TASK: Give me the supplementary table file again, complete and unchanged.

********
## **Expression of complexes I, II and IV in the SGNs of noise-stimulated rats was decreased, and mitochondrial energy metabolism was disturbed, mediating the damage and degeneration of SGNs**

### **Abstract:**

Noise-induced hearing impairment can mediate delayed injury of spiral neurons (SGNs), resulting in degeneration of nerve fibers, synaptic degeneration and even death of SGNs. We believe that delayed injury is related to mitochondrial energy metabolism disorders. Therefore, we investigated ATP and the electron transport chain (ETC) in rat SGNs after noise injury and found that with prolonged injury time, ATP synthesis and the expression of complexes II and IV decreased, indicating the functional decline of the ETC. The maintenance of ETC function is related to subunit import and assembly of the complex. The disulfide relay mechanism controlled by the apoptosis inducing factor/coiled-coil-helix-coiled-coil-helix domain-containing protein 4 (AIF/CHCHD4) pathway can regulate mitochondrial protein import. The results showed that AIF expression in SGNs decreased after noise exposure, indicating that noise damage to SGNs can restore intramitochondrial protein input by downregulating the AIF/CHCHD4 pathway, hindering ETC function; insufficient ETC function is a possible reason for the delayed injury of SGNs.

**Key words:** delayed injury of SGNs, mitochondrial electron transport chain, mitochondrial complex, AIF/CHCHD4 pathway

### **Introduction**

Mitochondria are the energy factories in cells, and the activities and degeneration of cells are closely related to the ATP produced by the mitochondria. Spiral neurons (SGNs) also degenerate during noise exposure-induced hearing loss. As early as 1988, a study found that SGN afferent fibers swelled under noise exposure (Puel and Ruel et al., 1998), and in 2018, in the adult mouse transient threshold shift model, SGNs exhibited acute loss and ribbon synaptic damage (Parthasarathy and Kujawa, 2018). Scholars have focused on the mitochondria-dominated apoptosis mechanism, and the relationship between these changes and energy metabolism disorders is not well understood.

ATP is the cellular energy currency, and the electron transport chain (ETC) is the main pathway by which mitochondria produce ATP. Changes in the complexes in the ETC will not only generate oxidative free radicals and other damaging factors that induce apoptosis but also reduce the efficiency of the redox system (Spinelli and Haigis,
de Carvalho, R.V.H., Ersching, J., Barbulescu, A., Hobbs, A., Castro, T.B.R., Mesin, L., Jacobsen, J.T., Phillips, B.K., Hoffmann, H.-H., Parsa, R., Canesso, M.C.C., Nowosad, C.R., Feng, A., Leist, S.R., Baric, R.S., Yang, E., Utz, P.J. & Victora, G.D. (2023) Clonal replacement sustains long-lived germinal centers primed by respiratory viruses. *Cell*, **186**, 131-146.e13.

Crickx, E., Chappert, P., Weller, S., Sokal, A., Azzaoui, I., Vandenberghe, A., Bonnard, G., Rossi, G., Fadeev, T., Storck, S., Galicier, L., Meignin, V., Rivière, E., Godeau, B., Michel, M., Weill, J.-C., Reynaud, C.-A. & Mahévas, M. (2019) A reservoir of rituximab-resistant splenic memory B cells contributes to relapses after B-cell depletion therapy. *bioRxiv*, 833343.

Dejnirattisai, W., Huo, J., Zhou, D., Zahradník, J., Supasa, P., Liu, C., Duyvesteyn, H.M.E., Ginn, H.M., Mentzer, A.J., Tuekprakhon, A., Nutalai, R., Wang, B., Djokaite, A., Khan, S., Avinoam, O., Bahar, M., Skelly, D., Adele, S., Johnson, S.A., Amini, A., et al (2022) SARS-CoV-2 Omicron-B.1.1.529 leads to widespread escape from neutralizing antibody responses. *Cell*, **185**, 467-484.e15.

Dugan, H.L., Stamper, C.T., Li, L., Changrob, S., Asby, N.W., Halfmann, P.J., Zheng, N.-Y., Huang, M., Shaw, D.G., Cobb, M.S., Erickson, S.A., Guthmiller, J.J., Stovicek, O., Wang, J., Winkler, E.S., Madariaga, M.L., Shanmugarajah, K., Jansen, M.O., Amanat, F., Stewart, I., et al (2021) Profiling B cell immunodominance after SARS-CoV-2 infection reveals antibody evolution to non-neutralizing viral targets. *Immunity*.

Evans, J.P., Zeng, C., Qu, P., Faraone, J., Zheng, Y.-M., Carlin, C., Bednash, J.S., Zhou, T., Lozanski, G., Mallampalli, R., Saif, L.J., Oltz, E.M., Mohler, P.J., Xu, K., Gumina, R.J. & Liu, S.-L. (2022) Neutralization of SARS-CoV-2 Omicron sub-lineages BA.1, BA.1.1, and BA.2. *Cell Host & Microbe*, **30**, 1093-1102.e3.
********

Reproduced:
## **Expression of complexes I, II and IV in the SGNs of noise-stimulated rats was decreased, and mitochondrial energy metabolism was disturbed, mediating the damage and degeneration of SGNs**

### **Abstract:**

Noise-induced hearing impairment can mediate delayed injury of spiral neurons (SGNs), resulting in degeneration of nerve fibers, synaptic degeneration and even death of SGNs. We believe that delayed injury is related to mitochondrial energy metabolism disorders. Therefore, we investigated ATP and the electron transport chain (ETC) in rat SGNs after noise injury and found that with prolonged injury time, ATP synthesis and the expression of complexes II and IV decreased, indicating the functional decline of the ETC. The maintenance of ETC function is related to subunit import and assembly of the complex. The disulfide relay mechanism controlled by the apoptosis inducing factor/coiled-coil-helix-coiled-coil-helix domain-containing protein 4 (AIF/CHCHD4) pathway can regulate mitochondrial protein import. The results showed that AIF expression in SGNs decreased after noise exposure, indicating that noise damage to SGNs can restore intramitochondrial protein input by downregulating the AIF/CHCHD4 pathway, hindering ETC function; insufficient ETC function is a possible reason for the delayed injury of SGNs.

**Key words:** delayed injury of SGNs, mitochondrial electron transport chain, mitochondrial complex, AIF/CHCHD4 pathway

### **Introduction**

Mitochondria are the energy factories in cells, and the activities and degeneration of cells are closely related to the ATP produced by the mitochondria. Spiral neurons (SGNs) also degenerate during noise exposure-induced hearing loss. As early as 1988, a study found that SGN afferent fibers swelled under noise exposure (Puel and Ruel et al., 1998), and in 2018, in the adult mouse transient threshold shift model, SGNs exhibited acute loss and ribbon synaptic damage (Parthasarathy and Kujawa, 2018). Scholars have focused on the mitochondria-dominated apoptosis mechanism, and the relationship between these changes and energy metabolism disorders is not well understood.

ATP is the cellular energy currency, and the electron transport chain (ETC) is the main pathway by which mitochondria produce ATP. Changes in the complexes in the ETC will not only generate oxidative free radicals and other damaging factors that induce apoptosis but also reduce the efficiency of the redox system (Spinelli and Haigis,
de Carvalho, R.V.H., Ersching, J., Barbulescu, A., Hobbs, A., Castro, T.B.R., Mesin, L., Jacobsen, J.T., Phillips, B.K., Hoffmann, H.-H., Parsa, R., Canesso, M.C.C., Nowosad, C.R., Feng, A., Leist, S.R., Baric, R.S., Yang, E., Utz, P.J. & Victora, G.D. (2023) Clonal replacement sustains long-lived germinal centers primed by respiratory viruses. *Cell*, **186**, 131-146.e13.

Crickx, E., Chappert, P., Weller, S., Sokal, A., Azzaoui, I., Vandenberghe, A., Bonnard, G., Rossi, G., Fadeev, T., Storck, S., Galicier, L., Meignin, V., Rivière, E., Godeau, B., Michel, M., Weill, J.-C., Reynaud, C.-A. & Mahévas, M. (2019) A reservoir of rituximab-resistant splenic memory B cells contributes to relapses after B-cell depletion therapy. *bioRxiv*, 833343.

Dejnirattisai, W., Huo, J., Zhou, D., Zahradník, J., Supasa, P., Liu, C., Duyvesteyn, H.M.E., Ginn, H.M., Mentzer, A.J., Tuekprakhon, A., Nutalai, R., Wang, B., Djokaite, A., Khan, S., Avinoam, O., Bahar, M., Skelly, D., Adele, S., Johnson, S.A., Amini, A., et al (2022) SARS-CoV-2 Omicron-B.1.1.529 leads to widespread escape from neutralizing antibody responses. *Cell*, **185**, 467-484.e15.

Dugan, H.L., Stamper, C.T., Li, L., Changrob, S., Asby, N.W., Halfmann, P.J., Zheng, N.-Y., Huang, M., Shaw, D.G., Cobb, M.S., Erickson, S.A., Guthmiller, J.J., Stovicek, O., Wang, J., Winkler, E.S., Madariaga, M.L., Shanmugarajah, K., Jansen, M.O., Amanat, F., Stewart, I., et al (2021) Profiling B cell immunodominance after SARS-CoV-2 infection reveals antibody evolution to non-neutralizing viral targets. *Immunity*.

Evans, J.P., Zeng, C., Qu, P., Faraone, J., Zheng, Y.-M., Carlin, C., Bednash, J.S., Zhou, T., Lozanski, G., Mallampalli, R., Saif, L.J., Oltz, E.M., Mohler, P.J., Xu, K., Gumina, R.J. & Liu, S.-L. (2022) Neutralization of SARS-CoV-2 Omicron sub-lineages BA.1, BA.1.1, and BA.2. *Cell Host & Microbe*, **30**, 1093-1102.e3.